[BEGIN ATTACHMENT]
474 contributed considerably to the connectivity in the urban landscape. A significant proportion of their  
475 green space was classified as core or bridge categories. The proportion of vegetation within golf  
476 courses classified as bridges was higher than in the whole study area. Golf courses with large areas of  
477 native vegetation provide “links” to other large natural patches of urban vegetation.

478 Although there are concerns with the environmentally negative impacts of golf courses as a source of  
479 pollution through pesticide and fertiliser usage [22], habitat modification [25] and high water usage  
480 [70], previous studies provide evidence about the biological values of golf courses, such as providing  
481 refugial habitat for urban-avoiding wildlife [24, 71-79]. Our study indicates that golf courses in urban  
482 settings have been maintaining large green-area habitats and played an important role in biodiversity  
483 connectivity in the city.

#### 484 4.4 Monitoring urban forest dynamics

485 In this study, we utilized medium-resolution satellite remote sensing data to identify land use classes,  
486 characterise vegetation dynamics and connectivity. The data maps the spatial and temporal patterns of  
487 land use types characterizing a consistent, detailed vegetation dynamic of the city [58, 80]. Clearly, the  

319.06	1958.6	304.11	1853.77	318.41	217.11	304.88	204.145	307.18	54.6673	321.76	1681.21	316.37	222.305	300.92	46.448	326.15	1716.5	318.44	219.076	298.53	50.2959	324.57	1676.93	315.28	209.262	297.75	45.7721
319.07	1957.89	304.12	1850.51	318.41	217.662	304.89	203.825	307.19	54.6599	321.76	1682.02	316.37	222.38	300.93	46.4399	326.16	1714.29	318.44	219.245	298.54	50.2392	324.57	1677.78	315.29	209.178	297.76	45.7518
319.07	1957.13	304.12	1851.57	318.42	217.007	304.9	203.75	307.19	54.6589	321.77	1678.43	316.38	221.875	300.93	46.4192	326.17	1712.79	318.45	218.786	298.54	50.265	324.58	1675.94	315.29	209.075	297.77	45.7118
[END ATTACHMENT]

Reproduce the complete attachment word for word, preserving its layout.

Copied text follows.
474 contributed considerably to the connectivity in the urban landscape. A significant proportion of their  
475 green space was classified as core or bridge categories. The proportion of vegetation within golf  
476 courses classified as bridges was higher than in the whole study area. Golf courses with large areas of  
477 native vegetation provide “links” to other large natural patches of urban vegetation.

478 Although there are concerns with the environmentally negative impacts of golf courses as a source of  
479 pollution through pesticide and fertiliser usage [22], habitat modification [25] and high water usage  
480 [70], previous studies provide evidence about the biological values of golf courses, such as providing  
481 refugial habitat for urban-avoiding wildlife [24, 71-79]. Our study indicates that golf courses in urban  
482 settings have been maintaining large green-area habitats and played an important role in biodiversity  
483 connectivity in the city.

#### 484 4.4 Monitoring urban forest dynamics

485 In this study, we utilized medium-resolution satellite remote sensing data to identify land use classes,  
486 characterise vegetation dynamics and connectivity. The data maps the spatial and temporal patterns of  
487 land use types characterizing a consistent, detailed vegetation dynamic of the city [58, 80]. Clearly, the  

319.06	1958.6	304.11	1853.77	318.41	217.11	304.88	204.145	307.18	54.6673	321.76	1681.21	316.37	222.305	300.92	46.448	326.15	1716.5	318.44	219.076	298.53	50.2959	324.57	1676.93	315.28	209.262	297.75	45.7721
319.07	1957.89	304.12	1850.51	318.41	217.662	304.89	203.825	307.19	54.6599	321.76	1682.02	316.37	222.38	300.93	46.4399	326.16	1714.29	318.44	219.245	298.54	50.2392	324.57	1677.78	315.29	209.178	297.76	45.7518
319.07	1957.13	304.12	1851.57	318.42	217.007	304.9	203.75	307.19	54.6589	321.77	1678.43	316.38	221.875	300.93	46.4192	326.17	1712.79	318.45	218.786	298.54	50.265	324.58	1675.94	315.29	209.075	297.77	45.7118